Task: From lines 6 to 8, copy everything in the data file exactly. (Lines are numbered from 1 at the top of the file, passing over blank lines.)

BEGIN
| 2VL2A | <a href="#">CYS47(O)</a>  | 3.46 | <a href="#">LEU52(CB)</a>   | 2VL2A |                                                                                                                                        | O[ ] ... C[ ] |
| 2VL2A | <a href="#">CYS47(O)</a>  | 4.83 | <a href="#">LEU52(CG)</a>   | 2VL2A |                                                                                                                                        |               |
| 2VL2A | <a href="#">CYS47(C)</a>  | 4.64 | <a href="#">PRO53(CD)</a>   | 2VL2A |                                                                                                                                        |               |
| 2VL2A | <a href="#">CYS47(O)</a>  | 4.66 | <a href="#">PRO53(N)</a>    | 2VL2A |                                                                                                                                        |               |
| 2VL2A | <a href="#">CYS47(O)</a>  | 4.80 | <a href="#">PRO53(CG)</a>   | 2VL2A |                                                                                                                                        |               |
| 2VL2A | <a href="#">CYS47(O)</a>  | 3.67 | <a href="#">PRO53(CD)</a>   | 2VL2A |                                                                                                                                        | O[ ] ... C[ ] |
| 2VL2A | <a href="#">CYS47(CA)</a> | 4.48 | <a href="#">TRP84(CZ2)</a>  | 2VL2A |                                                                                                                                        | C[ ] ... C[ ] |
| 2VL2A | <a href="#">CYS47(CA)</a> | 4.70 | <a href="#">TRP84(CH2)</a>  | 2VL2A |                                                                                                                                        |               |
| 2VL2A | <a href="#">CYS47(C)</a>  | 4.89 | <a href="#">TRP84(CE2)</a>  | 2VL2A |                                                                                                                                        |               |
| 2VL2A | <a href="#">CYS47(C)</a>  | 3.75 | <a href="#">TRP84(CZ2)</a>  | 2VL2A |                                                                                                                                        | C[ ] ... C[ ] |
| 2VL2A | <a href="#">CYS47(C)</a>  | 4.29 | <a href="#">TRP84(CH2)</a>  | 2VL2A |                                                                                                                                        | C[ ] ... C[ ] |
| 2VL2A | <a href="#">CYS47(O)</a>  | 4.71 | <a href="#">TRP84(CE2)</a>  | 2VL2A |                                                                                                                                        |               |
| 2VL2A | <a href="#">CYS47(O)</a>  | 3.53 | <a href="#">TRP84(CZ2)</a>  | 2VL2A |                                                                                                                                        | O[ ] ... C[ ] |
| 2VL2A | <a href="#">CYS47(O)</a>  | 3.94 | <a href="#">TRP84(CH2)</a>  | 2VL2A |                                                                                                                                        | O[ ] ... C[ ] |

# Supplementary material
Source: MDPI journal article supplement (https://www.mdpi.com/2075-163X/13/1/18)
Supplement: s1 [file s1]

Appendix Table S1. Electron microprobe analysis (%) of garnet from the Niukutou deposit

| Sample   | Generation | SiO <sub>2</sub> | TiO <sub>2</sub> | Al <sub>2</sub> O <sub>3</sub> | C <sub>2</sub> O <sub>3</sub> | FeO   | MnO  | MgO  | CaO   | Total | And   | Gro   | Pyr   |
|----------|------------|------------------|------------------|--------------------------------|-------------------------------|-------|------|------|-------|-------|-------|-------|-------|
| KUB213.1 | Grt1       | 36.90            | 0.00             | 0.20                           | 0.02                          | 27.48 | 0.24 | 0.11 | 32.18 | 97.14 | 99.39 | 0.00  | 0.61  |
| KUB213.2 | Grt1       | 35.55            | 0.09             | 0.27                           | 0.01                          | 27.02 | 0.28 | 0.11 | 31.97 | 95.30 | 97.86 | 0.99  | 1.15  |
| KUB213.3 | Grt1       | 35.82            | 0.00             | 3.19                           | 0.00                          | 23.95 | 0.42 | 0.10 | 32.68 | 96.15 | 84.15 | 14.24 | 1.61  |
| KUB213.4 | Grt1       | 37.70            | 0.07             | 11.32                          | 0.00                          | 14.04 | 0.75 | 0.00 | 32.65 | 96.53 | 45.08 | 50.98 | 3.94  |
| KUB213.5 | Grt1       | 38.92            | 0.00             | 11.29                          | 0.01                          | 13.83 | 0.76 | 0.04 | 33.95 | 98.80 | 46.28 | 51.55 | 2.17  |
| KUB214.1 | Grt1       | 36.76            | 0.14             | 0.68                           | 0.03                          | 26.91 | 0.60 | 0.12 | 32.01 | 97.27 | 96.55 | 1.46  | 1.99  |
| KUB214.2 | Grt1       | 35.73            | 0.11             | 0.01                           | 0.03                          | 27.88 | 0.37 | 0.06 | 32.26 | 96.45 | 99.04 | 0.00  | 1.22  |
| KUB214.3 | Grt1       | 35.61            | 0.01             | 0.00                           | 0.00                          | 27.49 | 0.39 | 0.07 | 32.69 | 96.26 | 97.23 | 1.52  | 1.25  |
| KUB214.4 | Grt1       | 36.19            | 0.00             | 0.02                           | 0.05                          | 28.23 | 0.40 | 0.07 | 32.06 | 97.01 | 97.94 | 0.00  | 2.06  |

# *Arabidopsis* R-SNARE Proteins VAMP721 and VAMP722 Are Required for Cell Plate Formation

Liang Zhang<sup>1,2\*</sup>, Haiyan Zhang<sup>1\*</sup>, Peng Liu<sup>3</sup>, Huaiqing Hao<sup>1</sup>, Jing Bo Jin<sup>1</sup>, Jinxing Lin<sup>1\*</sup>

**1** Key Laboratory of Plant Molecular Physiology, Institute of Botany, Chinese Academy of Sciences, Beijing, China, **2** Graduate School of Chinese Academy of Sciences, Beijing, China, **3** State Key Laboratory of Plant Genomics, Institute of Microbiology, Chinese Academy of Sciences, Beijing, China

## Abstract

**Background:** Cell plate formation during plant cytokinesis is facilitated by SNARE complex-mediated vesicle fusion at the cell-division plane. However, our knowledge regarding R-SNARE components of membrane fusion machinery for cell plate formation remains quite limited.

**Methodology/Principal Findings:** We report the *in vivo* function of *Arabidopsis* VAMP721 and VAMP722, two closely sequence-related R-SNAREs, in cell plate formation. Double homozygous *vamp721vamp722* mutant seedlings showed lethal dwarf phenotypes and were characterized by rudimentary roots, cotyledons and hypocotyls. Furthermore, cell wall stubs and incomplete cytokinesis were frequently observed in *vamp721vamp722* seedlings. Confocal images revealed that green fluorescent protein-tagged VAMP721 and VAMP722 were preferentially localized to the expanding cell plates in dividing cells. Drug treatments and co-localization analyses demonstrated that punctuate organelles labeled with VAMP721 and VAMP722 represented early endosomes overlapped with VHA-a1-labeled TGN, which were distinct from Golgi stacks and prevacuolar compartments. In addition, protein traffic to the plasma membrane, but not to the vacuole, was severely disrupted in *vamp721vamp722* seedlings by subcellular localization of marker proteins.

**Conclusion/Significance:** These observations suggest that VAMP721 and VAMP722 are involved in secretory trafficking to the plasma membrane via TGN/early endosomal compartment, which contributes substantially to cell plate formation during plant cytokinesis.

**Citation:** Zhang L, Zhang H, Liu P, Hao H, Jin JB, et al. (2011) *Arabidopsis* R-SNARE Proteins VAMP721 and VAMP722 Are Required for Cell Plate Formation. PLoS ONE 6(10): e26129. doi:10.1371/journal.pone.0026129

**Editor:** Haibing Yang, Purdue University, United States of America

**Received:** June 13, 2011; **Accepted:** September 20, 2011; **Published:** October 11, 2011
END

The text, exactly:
| 2VL2A | <a href="#">CYS47(O)</a>  | 3.67 | <a href="#">PRO53(CD)</a>   | 2VL2A |                                                                                                                                        | O[ ] ... C[ ] |
| 2VL2A | <a href="#">CYS47(CA)</a> | 4.48 | <a href="#">TRP84(CZ2)</a>  | 2VL2A |                                                                                                                                        | C[ ] ... C[ ] |
| 2VL2A | <a href="#">CYS47(CA)</a> | 4.70 | <a href="#">TRP84(CH2)</a>  | 2VL2A |                                                                                                                                        |               |